Happy New Year! The Hat has emerged from the holly-daze. Here are some bits and pieces of people, places and things notable and noted.
• The Valentine Community Conversations, Fifth Series, began Tuesday night with a presentation on the Highland Park neighborhood. Upward of 50 people came out on a chilled evening, all interested in learning about this North Richmond community, now more than a century old. On Saturday, there's a guided bus tour of the community.
I spoke a bit, elaborating on the Flashback article linked above. I added in a couple of paragraphs that were cut due to space. The June 28, 1914, approval by a special court of Richmond annexing 14 square miles of Henrico and Chesterfield counties came amid debates about, well. Read on.
“Civic boosters assured the city of bringing to town the International League’s Baltimore Orioles baseball team. They’d play in an improved Broad Street Park (later where Broad Street Station, now the Science Museum, is located).
Alvin M. Smith, president of the Business Men's Club, expected consummation of the baseball deal within days. "It will be a big thing for Richmond," he said, "and just now, when we have been so vastly encouraged by bringing the regional bank here, having Richmond as a Federal Reserve city and by the results of annexation proceedings, the people are in a mood to go a little farther and have better baseball."
I asked the assembly if any of this sounded familiar. That drew a weary chuckle.
By The Way: The minor league Orioles came to Richmond, but without one of its star players, Babe Ruth, who’d already been sold to the Boston Red Sox. The financially troubled Orioles became the Richmond Climbers and later the Virginians, but that’s another story.
I hastened from the Valentine to Black Iris, for a multisensory experience of our own Nelly Kate and the combination of New York City-based filmmaker/musician Todd Chandler and singer-songwriter Mirah.
Black Iris is one of those places that have sprung up in town, and especially along Broad Street, as a result of the general emergence along that corridor as an arts and culture center. During my amble from the Valentine, I was again pleasantly reminded of how Richmond’s downtown has changed; more people on the streets, joggers, dog walkers, restaurant-goers, on blocks where, five years ago, you saw almost nobody.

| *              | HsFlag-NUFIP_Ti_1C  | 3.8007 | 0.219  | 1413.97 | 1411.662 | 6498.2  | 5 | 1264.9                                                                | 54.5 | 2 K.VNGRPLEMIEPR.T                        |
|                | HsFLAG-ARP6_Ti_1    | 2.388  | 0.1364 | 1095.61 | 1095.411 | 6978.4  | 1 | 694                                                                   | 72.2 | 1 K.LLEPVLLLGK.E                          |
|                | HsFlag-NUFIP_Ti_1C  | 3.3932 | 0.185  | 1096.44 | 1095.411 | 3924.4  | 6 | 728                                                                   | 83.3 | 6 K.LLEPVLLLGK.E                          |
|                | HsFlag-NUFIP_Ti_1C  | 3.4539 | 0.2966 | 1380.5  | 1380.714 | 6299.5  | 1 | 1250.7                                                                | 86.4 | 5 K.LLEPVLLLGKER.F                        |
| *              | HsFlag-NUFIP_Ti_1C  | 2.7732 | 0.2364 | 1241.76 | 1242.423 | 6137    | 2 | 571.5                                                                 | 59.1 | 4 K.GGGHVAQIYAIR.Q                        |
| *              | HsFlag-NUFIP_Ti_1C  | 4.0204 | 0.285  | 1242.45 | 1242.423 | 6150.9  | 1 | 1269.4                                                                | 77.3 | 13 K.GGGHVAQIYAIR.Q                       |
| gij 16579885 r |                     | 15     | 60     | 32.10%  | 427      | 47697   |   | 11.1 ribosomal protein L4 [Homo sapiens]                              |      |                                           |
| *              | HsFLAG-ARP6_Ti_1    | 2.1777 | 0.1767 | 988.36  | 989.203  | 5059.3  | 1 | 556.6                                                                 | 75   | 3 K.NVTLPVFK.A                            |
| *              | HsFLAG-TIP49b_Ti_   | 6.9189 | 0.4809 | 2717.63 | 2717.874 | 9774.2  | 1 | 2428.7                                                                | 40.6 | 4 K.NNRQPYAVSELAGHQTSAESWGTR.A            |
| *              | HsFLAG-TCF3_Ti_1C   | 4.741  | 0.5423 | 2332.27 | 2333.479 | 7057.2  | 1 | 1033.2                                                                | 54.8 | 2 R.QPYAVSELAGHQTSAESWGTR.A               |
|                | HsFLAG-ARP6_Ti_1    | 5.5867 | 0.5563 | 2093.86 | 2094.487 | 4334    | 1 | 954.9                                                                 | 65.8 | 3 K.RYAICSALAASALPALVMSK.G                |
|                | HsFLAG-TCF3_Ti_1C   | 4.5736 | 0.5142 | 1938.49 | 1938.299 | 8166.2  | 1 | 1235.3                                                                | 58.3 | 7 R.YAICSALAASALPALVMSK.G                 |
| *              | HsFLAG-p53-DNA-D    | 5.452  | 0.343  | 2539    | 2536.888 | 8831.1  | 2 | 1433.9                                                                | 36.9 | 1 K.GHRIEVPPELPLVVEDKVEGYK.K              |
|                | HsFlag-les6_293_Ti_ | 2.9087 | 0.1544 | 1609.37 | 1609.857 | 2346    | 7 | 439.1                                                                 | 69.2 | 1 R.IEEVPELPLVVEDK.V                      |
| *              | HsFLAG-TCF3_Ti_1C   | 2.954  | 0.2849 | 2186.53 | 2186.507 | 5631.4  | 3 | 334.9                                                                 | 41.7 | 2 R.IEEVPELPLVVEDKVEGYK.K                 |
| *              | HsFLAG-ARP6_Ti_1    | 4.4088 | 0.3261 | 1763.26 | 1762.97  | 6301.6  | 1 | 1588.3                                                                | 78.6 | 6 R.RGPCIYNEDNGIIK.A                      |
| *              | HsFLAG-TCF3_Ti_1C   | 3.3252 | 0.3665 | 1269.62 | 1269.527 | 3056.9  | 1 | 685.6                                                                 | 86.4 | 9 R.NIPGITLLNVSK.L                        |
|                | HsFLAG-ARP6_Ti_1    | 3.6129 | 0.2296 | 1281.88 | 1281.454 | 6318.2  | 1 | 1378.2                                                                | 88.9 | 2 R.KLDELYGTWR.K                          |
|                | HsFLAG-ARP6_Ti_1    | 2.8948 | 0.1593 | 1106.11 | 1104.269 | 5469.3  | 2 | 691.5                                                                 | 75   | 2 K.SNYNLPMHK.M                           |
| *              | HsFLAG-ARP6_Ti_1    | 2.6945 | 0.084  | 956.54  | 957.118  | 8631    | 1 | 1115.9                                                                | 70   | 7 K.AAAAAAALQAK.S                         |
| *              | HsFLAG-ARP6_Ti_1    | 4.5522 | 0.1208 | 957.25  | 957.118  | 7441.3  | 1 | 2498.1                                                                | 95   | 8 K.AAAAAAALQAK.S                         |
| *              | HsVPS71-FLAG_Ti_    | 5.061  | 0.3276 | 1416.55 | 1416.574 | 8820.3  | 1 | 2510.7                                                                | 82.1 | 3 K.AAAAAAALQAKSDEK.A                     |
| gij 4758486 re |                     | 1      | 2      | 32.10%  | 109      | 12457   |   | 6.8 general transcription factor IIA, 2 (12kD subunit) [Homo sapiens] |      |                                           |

I passed by Virginia Repertory Theatre, where Mame is still on stage and I’m way overdue in mentioning this production set to close on Sunday, though I interviewed Emily Skinner, who possesses one of the greatest laughs I’ve ever heard. The native Richmonder had me from the moment she appears on the set’s stairs with her bugle. She’s supported by a grand cast of Richmond theater, and these are the shows that make you understand that they are wild agglomerations of ball lightning and clouds of songbirds that happen to have somehow taken on human form.
Smith takes on this musical monument with aplomb and sensitivity. One line stands out even now, weeks after I saw the show, and it’s practically a throwaway. Dwight Babcock (the always reliable Andrew Boothby) has come to Mame’s swanky Art Deco apartment to look after his charge, young Patrick (Brandon McKinney – a gifted young performer who isn’t cute for cuteness). To Babcock’s surprise, the kid mixes him a martini while standing on a box behind the bar. When Babock admonishes Mame for exposing the youngster to such behavior, she replies, “But Mr. Ba-bcock, knowledge is power.” I think about this line when negotiating craft beer lists. Another great moment comes when Mame gets a role in a show featuring her Broadway friend, Vera (the incomparable Desirée Roots-Centeio), and the two get tangled, hooked together I think by jewelry, and they sing this way, and I wondered if director Patti D’Beck was sending us a reminder of how Smith was nominated, with Alice Ripley, for a Tony for playing one half of Siamese twins in the musical Sideshow. Anyway, afterward, I wondered why I didn’t have an Auntie Mame, or, wished I could’ve been an Uncle Mame. Or something like that.
Black Iris is a recording studio. It occupies what was once the Sound of Music, which suffered a displacing fire and is now around the corner on Foushee. But with the curatorial energy of Benjamin Thorp, it’s become a venue for unexpected and art and music presentations.
Nelly Kate gave a synesthetic performance: her dreamy lyrics and instrumentals caused images behind her to comport themselves to the rhythms.
Todd Chandler’s short films mediated up close on events that made us see them differently. A gigantic Carnival Cruise liner sailing out of New Orleans resembled both a space ship and that boat carrying Marlow into the heart of darkness. The activity of a junkyard’s machinery – a metal cruncher crane resembled the beak of an eagle or hawk and even seemed to rest once it ate — was juxtaposed with another film of a whale carcass pummeled by Florida ocean currents and nibbled on by birds. He played the soundtracks.
Then Chandler accompanied Mirah on a few of her twisty turny songs, that reminded me of Neko Case – and she did a Lorde cover at the end. But her clear, wonderful voice filled the space, alternating between sultry and poetic, filled by the standing audience that listened respectfully. And Mirah seemed impressed by the crowd. They leave New York to do concerts down South — “And somehow we never thought to play Richmond!” Now she knows.